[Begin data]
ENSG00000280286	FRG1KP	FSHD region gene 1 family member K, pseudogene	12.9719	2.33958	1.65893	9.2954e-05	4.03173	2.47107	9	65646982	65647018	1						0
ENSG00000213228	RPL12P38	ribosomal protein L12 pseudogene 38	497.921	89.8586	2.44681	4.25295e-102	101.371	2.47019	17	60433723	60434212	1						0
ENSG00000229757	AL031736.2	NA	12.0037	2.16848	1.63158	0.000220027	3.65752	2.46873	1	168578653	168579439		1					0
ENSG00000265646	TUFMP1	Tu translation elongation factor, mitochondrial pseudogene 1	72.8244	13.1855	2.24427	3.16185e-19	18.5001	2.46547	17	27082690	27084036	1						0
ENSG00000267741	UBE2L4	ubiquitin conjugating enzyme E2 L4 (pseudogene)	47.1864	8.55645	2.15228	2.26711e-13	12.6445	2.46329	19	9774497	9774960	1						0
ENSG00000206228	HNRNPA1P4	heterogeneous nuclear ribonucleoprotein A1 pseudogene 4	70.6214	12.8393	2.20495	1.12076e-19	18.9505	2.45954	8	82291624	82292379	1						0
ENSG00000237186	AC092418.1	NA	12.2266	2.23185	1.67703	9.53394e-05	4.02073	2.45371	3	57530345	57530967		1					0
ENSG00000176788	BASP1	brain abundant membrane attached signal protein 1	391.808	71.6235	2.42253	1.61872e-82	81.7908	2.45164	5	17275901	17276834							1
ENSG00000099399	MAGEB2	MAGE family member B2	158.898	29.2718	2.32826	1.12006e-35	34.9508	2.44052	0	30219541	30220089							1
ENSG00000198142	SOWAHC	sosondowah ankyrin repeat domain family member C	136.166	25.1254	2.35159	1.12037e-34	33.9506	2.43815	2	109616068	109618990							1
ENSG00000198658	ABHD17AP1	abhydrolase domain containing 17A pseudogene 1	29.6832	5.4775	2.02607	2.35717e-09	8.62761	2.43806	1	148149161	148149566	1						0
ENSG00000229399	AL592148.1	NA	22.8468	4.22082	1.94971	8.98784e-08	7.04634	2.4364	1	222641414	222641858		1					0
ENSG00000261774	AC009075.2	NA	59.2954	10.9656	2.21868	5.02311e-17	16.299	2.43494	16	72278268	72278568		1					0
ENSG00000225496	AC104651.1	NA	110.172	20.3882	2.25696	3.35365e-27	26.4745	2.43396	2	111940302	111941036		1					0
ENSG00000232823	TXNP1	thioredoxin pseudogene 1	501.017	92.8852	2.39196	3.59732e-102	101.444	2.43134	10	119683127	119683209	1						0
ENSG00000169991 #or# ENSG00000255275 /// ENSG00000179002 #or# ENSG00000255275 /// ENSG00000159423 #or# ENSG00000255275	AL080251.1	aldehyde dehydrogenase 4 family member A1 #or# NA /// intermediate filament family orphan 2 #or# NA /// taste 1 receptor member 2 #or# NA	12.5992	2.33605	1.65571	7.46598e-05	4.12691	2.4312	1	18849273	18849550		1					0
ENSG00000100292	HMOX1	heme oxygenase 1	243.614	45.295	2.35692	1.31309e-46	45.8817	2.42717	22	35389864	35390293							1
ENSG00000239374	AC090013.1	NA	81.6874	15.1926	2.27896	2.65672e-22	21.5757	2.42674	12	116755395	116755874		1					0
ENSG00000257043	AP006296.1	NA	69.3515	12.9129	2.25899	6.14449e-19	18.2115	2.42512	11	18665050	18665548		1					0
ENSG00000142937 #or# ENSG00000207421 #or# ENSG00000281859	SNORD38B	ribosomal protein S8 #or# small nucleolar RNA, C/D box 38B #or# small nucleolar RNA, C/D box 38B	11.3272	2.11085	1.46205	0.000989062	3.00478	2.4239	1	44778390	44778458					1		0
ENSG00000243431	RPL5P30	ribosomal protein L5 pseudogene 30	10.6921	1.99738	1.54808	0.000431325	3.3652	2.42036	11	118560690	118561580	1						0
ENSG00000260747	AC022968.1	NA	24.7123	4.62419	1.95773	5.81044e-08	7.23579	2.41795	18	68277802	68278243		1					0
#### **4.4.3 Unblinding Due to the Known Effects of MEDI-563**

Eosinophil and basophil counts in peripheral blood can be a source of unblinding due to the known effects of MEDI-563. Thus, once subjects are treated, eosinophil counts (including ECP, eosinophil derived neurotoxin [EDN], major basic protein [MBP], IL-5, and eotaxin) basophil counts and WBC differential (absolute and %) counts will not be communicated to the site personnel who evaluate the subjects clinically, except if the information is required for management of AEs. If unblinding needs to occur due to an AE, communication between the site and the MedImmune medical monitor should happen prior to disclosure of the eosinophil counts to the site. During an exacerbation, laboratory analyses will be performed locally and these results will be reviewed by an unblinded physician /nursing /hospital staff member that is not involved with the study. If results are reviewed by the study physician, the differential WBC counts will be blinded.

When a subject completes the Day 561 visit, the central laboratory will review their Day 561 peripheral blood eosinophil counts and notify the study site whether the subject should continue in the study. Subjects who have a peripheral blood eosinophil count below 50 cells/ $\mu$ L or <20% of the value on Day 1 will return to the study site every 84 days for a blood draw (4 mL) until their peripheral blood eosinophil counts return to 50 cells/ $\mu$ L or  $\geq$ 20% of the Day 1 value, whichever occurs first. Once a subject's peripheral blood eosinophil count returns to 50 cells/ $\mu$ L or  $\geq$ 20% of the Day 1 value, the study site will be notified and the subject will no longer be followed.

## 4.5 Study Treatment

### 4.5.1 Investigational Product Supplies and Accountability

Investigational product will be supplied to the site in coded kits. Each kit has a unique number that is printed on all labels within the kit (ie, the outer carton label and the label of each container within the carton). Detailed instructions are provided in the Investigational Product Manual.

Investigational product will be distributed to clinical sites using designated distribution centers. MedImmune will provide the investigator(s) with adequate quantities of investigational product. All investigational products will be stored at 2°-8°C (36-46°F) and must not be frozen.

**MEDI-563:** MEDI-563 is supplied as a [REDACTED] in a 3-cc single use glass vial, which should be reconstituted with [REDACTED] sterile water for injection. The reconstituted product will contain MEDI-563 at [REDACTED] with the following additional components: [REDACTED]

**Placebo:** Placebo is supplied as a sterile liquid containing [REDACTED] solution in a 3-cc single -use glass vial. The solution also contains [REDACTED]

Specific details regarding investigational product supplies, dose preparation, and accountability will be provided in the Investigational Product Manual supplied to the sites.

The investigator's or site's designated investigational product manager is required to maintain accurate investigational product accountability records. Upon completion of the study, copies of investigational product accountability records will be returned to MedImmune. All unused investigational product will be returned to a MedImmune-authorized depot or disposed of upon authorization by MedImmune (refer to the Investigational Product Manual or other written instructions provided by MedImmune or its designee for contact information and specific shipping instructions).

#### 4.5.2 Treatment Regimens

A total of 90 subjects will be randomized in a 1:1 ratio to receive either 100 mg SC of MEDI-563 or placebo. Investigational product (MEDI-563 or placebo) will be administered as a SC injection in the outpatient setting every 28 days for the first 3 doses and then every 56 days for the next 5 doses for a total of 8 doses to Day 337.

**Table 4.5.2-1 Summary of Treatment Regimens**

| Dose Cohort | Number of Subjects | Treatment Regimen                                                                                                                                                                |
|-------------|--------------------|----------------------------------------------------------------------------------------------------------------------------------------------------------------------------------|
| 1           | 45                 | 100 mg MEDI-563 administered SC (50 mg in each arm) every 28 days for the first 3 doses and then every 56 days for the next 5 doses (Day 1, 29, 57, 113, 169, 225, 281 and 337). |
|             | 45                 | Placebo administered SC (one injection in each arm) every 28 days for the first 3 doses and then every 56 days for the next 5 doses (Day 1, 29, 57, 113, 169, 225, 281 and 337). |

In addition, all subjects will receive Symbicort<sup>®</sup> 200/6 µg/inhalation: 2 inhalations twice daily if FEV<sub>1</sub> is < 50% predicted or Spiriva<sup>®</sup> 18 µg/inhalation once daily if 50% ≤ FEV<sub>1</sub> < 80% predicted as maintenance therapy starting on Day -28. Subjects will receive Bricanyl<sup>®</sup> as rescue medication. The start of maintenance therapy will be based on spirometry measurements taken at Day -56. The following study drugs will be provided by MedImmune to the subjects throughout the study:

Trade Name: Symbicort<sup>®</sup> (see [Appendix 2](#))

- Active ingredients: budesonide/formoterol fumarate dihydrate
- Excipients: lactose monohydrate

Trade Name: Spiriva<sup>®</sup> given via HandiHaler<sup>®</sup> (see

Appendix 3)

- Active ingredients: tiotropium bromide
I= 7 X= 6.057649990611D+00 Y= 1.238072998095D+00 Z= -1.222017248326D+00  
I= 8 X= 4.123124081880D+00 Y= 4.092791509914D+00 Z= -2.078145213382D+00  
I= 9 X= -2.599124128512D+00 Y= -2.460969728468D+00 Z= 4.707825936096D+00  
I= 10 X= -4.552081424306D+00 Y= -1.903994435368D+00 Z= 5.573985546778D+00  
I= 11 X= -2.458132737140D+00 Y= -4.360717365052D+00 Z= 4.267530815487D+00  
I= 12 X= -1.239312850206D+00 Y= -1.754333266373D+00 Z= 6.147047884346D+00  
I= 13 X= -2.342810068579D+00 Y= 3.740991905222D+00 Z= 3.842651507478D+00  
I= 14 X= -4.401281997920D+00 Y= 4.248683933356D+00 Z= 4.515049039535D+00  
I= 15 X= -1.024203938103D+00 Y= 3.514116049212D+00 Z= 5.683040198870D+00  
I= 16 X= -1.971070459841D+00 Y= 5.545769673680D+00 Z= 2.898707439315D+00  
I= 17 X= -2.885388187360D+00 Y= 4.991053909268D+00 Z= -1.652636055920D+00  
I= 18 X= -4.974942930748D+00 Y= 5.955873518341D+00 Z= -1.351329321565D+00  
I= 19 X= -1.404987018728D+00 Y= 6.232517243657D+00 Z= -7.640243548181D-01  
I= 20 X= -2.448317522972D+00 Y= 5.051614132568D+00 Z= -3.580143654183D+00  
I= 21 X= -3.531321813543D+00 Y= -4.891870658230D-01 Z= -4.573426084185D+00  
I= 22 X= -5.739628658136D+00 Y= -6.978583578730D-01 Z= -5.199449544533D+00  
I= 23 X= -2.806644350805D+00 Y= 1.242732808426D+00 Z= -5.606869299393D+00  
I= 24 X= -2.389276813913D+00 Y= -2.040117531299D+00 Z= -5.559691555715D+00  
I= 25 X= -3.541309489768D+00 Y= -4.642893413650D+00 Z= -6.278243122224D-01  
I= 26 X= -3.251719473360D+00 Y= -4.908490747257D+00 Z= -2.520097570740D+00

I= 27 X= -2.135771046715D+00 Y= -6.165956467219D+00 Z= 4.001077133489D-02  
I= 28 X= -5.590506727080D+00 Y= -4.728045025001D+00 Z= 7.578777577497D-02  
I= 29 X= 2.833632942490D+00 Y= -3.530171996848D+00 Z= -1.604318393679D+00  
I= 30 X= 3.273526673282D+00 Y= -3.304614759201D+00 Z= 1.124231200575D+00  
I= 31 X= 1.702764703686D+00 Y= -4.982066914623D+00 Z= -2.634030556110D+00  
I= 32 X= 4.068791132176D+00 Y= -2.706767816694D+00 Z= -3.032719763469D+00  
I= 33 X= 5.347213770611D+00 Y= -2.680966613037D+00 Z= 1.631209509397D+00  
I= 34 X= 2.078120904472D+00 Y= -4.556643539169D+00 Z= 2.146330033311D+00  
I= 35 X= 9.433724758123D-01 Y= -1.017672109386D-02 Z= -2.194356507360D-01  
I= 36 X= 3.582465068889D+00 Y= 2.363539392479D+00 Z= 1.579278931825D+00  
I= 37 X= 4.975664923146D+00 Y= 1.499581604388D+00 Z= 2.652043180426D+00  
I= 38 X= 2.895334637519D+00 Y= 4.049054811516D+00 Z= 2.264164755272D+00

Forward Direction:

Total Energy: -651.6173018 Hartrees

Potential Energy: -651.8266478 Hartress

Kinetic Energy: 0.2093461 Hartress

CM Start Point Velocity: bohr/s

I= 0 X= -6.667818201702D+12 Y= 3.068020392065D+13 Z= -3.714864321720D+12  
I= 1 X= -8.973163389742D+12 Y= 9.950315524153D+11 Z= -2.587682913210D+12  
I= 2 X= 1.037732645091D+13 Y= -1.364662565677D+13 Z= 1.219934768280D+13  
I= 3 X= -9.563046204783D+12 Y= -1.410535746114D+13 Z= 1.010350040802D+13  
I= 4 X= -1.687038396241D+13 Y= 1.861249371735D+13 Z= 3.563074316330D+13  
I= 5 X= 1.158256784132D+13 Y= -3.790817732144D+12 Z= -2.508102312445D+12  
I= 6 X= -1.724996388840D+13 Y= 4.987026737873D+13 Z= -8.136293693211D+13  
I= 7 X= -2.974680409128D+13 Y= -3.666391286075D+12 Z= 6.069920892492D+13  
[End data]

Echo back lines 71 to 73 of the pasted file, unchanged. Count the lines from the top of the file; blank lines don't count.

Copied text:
I= 30 X= 3.273526673282D+00 Y= -3.304614759201D+00 Z= 1.124231200575D+00  
I= 31 X= 1.702764703686D+00 Y= -4.982066914623D+00 Z= -2.634030556110D+00  
I= 32 X= 4.068791132176D+00 Y= -2.706767816694D+00 Z= -3.032719763469D+00  